The Research: As first step to the study, the researchers reviewed the prescriptions for 12,560 Montreal seniors in 1997. They linked patient medical records to their prescription records. Often patients would see more than one physician for prescriptions and go to more than one pharmacy to get them filled. Over time, a patient's list of medications would grow, but the physicians and pharmacists did not communicate with one another to make sure there weren't any unforeseen duplications or adverse interactions. "Physicians had incomplete information on what drugs were being prescribed," Tamblyn explained.

The researchers found that more than 30 per cent of the patients had at least one "inappropriate" prescription. Among the most frequent prescribing practices that could lead to problems for patients:

Medication errors are a growing problem across North America and believed to be the sixth leading cause of death in the United States. Up to 10 per cent of older adults end up in the hospital because of prescribing practices/ adverse medication interactions.

Stage 2: The McGill researchers decided to set up a computerized network for 107 physicians that linked their patient files with the provincial drug-insurance board. The physicians were divided into a “computerized” group linking prescriptions and records, and a control group to see if the computerized network might improve prescribing practices and reduce errors.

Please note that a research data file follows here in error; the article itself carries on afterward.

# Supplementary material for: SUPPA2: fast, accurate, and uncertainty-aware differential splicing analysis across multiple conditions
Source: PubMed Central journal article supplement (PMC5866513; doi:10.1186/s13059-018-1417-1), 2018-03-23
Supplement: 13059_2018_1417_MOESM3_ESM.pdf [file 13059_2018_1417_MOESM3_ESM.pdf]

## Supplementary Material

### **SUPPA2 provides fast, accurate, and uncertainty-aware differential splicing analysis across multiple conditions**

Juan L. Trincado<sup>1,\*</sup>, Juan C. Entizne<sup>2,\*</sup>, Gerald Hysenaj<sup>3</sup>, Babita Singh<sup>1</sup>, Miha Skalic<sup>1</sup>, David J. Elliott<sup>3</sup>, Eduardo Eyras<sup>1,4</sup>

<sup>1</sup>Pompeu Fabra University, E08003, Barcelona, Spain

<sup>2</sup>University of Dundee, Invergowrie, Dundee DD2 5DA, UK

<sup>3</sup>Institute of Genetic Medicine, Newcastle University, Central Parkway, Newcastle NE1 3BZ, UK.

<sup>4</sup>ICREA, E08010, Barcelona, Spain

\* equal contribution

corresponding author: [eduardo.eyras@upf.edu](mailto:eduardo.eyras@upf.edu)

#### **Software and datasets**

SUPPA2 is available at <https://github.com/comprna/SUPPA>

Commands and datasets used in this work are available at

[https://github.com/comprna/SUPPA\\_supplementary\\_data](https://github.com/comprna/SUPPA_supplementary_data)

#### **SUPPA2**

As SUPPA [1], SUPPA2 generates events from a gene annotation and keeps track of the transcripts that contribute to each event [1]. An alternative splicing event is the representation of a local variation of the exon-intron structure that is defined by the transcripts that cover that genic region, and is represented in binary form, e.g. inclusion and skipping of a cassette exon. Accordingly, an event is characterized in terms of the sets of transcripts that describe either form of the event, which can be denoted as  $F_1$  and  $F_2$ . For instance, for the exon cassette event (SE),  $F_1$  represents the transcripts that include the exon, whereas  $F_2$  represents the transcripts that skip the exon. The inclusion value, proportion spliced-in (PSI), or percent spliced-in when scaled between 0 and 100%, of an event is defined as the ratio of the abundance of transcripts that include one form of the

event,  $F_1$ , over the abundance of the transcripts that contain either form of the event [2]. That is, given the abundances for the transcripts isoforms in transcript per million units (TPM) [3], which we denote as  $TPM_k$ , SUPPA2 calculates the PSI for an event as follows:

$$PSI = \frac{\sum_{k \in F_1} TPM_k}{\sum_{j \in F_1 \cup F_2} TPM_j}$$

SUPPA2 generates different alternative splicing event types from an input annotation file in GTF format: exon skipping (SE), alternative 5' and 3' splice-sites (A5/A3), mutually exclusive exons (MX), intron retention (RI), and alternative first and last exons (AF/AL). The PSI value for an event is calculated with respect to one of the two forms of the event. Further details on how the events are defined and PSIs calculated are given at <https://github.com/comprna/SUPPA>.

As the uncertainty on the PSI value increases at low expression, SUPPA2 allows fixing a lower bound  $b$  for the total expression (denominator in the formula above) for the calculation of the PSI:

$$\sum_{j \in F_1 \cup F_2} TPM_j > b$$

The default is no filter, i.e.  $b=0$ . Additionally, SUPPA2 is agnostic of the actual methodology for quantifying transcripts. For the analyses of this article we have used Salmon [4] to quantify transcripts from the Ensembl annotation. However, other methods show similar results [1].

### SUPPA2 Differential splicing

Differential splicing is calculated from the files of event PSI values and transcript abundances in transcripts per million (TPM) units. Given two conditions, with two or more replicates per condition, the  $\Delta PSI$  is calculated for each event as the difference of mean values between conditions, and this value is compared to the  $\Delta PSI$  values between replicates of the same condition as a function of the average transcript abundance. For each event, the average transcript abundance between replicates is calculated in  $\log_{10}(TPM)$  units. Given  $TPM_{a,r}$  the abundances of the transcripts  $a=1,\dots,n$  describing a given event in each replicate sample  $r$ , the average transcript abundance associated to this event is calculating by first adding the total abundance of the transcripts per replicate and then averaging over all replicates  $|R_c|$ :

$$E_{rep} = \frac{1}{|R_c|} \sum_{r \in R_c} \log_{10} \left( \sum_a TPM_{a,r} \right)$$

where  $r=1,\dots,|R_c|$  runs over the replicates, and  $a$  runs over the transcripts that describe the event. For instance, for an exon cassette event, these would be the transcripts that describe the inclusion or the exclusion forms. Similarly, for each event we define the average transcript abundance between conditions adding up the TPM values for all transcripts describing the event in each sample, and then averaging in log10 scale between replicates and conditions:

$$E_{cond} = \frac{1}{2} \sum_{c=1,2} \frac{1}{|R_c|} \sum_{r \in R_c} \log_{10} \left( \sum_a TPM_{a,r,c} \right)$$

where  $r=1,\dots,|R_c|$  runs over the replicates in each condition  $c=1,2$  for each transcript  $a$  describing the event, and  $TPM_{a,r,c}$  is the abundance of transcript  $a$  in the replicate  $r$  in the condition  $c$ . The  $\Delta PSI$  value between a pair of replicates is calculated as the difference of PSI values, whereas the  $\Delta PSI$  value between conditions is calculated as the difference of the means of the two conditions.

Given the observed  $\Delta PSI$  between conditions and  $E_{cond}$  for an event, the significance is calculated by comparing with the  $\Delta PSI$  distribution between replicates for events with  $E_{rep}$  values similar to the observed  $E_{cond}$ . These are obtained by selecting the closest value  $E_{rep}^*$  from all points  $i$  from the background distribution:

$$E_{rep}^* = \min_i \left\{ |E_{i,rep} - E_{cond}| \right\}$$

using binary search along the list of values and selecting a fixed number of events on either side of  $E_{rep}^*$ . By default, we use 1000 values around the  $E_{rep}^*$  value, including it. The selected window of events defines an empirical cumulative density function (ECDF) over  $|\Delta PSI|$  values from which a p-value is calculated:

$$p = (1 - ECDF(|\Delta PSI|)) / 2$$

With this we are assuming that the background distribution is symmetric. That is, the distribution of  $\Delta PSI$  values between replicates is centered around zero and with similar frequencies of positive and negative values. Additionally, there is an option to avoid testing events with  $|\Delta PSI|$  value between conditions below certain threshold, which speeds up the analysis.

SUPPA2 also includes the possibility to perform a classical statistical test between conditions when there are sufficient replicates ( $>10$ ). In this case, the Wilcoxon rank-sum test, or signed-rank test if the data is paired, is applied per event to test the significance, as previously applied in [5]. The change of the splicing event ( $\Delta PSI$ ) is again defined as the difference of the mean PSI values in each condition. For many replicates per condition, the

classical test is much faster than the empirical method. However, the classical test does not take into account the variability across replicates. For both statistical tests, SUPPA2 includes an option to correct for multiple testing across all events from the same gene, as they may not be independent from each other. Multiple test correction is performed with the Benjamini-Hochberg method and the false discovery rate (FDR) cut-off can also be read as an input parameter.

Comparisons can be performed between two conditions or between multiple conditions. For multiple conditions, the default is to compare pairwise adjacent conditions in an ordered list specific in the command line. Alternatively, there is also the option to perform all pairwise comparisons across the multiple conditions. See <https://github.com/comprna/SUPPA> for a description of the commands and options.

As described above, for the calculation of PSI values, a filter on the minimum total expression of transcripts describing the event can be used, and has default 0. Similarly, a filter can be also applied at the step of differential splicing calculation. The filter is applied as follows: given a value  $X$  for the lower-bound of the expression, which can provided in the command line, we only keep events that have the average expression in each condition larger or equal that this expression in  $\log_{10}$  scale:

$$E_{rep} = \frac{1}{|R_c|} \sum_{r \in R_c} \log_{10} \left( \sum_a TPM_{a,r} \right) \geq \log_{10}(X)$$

During the study the number of new potentially inappropriate prescriptions per 1000 visits was significantly lower (18%) in the computerized data group than in the control group. Most of this reduction involved duplicate prescriptions (e.g. study physician and another physician both prescribing same/ similar drug) and drug interactions caused by prescriptions written by the study physician.

Future Steps: The McGill researchers are now testing a more advanced version of the computerized prescription drug network. Under the new system, 30 GPs and 31 pharmacists have access to medication lists of patients, and the information is updated daily. That differs from the Pharmanet program in British Columbia, in which only pharmacists can exchange information.